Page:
Cambone certainly was an "unconventional choice," according to former Army Secretary Tom White, "seeing as [he] had no previous experience in the intelligence community." Moreover, Cambone is despised by many within the Pentagon for his attempts to steamroll all opposition to Rumsfeld's military transformation projects, and is widely perceived as a pompous ideologue who cannot be trusted to bring the requisite objectivity to intelligence matters.

Rather, Cambone was chosen for the simple reason that he is Rumsfeld's troubleshooter, confidante, and right-hand man. As a former Pentagon official puts it, "Rumsfeld clearly trusts [Cambone] to execute his will, and I don't think there's a long list of people in that category."

How does one make it onto this very short list? In Cambone's case, he began by earning his Ph.D. at the Claremont Graduate Center – a known hotbed of neoconservatism – in 1982, and then went to work at the Los Alamos National Laboratory. At Los Alamos, he vigorously advocated for the development of space-based weapons, and in 1990 was tapped by George Bush Sr. to lead the Strategic Defense Initiative at the Pentagon. After Bush was defeated in 1992, Cambone became a fellow at the Center for Strategic and International Studies, where he would spend the next five years writing and speaking about missile defense.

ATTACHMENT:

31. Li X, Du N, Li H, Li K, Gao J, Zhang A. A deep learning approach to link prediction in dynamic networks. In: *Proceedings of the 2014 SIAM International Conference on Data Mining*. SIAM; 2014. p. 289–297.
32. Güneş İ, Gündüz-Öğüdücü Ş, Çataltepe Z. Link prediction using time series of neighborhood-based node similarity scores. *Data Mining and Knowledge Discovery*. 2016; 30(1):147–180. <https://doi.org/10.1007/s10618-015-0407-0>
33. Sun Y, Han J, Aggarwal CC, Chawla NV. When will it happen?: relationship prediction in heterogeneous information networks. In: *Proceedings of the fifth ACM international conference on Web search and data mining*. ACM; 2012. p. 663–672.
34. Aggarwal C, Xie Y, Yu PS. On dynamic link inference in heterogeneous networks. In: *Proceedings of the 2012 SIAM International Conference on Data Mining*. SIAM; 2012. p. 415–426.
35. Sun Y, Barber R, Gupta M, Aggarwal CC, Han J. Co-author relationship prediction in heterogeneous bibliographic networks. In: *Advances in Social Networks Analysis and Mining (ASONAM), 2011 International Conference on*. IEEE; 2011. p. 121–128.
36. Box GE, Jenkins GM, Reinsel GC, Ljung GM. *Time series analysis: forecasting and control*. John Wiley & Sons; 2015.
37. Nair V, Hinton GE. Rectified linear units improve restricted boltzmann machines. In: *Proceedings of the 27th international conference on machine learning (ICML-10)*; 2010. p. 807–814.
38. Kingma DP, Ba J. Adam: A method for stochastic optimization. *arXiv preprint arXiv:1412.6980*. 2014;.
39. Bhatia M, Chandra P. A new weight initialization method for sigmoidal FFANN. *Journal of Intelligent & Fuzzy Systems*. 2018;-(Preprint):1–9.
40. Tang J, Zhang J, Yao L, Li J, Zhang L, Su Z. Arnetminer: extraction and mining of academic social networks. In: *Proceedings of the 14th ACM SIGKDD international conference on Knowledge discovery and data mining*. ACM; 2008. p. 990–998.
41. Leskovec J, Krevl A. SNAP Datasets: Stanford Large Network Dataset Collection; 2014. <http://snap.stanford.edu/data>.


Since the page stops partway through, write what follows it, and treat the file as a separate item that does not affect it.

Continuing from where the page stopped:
The close personal relationship between Rumsfeld and Cambone developed in the late 1990s when Rumsfeld selected Cambone to serve as staff director for two congressional commissions: the first on missile defense and the second on space-based weapons.